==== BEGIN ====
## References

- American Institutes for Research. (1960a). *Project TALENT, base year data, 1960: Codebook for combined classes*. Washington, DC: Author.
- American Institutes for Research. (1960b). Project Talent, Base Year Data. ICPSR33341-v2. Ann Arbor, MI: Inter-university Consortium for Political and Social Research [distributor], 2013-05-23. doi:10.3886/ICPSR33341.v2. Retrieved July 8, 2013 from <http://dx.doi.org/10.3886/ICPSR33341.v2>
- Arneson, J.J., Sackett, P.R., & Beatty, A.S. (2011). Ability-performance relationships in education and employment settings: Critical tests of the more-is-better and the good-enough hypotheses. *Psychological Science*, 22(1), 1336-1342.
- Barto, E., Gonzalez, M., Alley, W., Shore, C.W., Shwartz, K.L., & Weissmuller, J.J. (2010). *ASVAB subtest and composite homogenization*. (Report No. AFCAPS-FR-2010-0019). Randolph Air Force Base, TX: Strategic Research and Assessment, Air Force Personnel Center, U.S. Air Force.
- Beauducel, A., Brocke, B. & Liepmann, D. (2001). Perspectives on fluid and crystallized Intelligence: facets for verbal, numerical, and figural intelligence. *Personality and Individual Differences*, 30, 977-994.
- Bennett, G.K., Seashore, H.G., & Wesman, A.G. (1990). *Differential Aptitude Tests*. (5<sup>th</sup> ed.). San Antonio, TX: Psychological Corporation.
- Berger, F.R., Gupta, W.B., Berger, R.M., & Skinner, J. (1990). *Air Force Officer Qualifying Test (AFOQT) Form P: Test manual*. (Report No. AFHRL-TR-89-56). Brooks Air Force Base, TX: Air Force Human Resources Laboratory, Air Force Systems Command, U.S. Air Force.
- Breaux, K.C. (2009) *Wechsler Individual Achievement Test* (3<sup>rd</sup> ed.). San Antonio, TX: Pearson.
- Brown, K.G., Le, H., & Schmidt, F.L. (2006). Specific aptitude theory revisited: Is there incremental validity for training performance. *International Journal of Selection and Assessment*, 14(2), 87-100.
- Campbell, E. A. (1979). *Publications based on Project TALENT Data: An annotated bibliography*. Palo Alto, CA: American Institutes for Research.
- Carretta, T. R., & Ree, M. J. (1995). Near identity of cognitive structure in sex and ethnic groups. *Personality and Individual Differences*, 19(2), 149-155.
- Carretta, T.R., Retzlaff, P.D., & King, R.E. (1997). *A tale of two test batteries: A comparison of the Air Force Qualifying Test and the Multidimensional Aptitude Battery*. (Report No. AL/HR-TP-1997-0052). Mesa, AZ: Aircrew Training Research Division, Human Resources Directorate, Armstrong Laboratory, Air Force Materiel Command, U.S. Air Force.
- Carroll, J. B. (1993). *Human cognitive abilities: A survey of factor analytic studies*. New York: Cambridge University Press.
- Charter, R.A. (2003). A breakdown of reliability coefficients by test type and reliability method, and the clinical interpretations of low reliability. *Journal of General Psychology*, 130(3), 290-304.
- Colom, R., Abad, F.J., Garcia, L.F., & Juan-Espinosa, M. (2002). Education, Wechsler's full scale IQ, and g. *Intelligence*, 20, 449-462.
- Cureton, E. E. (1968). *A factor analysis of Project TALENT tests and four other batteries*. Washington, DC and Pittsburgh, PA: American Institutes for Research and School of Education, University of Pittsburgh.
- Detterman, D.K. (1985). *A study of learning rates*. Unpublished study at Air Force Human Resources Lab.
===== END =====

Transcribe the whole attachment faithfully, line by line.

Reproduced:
## References

- American Institutes for Research. (1960a). *Project TALENT, base year data, 1960: Codebook for combined classes*. Washington, DC: Author.
- American Institutes for Research. (1960b). Project Talent, Base Year Data. ICPSR33341-v2. Ann Arbor, MI: Inter-university Consortium for Political and Social Research [distributor], 2013-05-23. doi:10.3886/ICPSR33341.v2. Retrieved July 8, 2013 from <http://dx.doi.org/10.3886/ICPSR33341.v2>
- Arneson, J.J., Sackett, P.R., & Beatty, A.S. (2011). Ability-performance relationships in education and employment settings: Critical tests of the more-is-better and the good-enough hypotheses. *Psychological Science*, 22(1), 1336-1342.
- Barto, E., Gonzalez, M., Alley, W., Shore, C.W., Shwartz, K.L., & Weissmuller, J.J. (2010). *ASVAB subtest and composite homogenization*. (Report No. AFCAPS-FR-2010-0019). Randolph Air Force Base, TX: Strategic Research and Assessment, Air Force Personnel Center, U.S. Air Force.
- Beauducel, A., Brocke, B. & Liepmann, D. (2001). Perspectives on fluid and crystallized Intelligence: facets for verbal, numerical, and figural intelligence. *Personality and Individual Differences*, 30, 977-994.
- Bennett, G.K., Seashore, H.G., & Wesman, A.G. (1990). *Differential Aptitude Tests*. (5<sup>th</sup> ed.). San Antonio, TX: Psychological Corporation.
- Berger, F.R., Gupta, W.B., Berger, R.M., & Skinner, J. (1990). *Air Force Officer Qualifying Test (AFOQT) Form P: Test manual*. (Report No. AFHRL-TR-89-56). Brooks Air Force Base, TX: Air Force Human Resources Laboratory, Air Force Systems Command, U.S. Air Force.
- Breaux, K.C. (2009) *Wechsler Individual Achievement Test* (3<sup>rd</sup> ed.). San Antonio, TX: Pearson.
- Brown, K.G., Le, H., & Schmidt, F.L. (2006). Specific aptitude theory revisited: Is there incremental validity for training performance. *International Journal of Selection and Assessment*, 14(2), 87-100.
- Campbell, E. A. (1979). *Publications based on Project TALENT Data: An annotated bibliography*. Palo Alto, CA: American Institutes for Research.
- Carretta, T. R., & Ree, M. J. (1995). Near identity of cognitive structure in sex and ethnic groups. *Personality and Individual Differences*, 19(2), 149-155.
- Carretta, T.R., Retzlaff, P.D., & King, R.E. (1997). *A tale of two test batteries: A comparison of the Air Force Qualifying Test and the Multidimensional Aptitude Battery*. (Report No. AL/HR-TP-1997-0052). Mesa, AZ: Aircrew Training Research Division, Human Resources Directorate, Armstrong Laboratory, Air Force Materiel Command, U.S. Air Force.
- Carroll, J. B. (1993). *Human cognitive abilities: A survey of factor analytic studies*. New York: Cambridge University Press.
- Charter, R.A. (2003). A breakdown of reliability coefficients by test type and reliability method, and the clinical interpretations of low reliability. *Journal of General Psychology*, 130(3), 290-304.
- Colom, R., Abad, F.J., Garcia, L.F., & Juan-Espinosa, M. (2002). Education, Wechsler's full scale IQ, and g. *Intelligence*, 20, 449-462.
- Cureton, E. E. (1968). *A factor analysis of Project TALENT tests and four other batteries*. Washington, DC and Pittsburgh, PA: American Institutes for Research and School of Education, University of Pittsburgh.
- Detterman, D.K. (1985). *A study of learning rates*. Unpublished study at Air Force Human Resources Lab.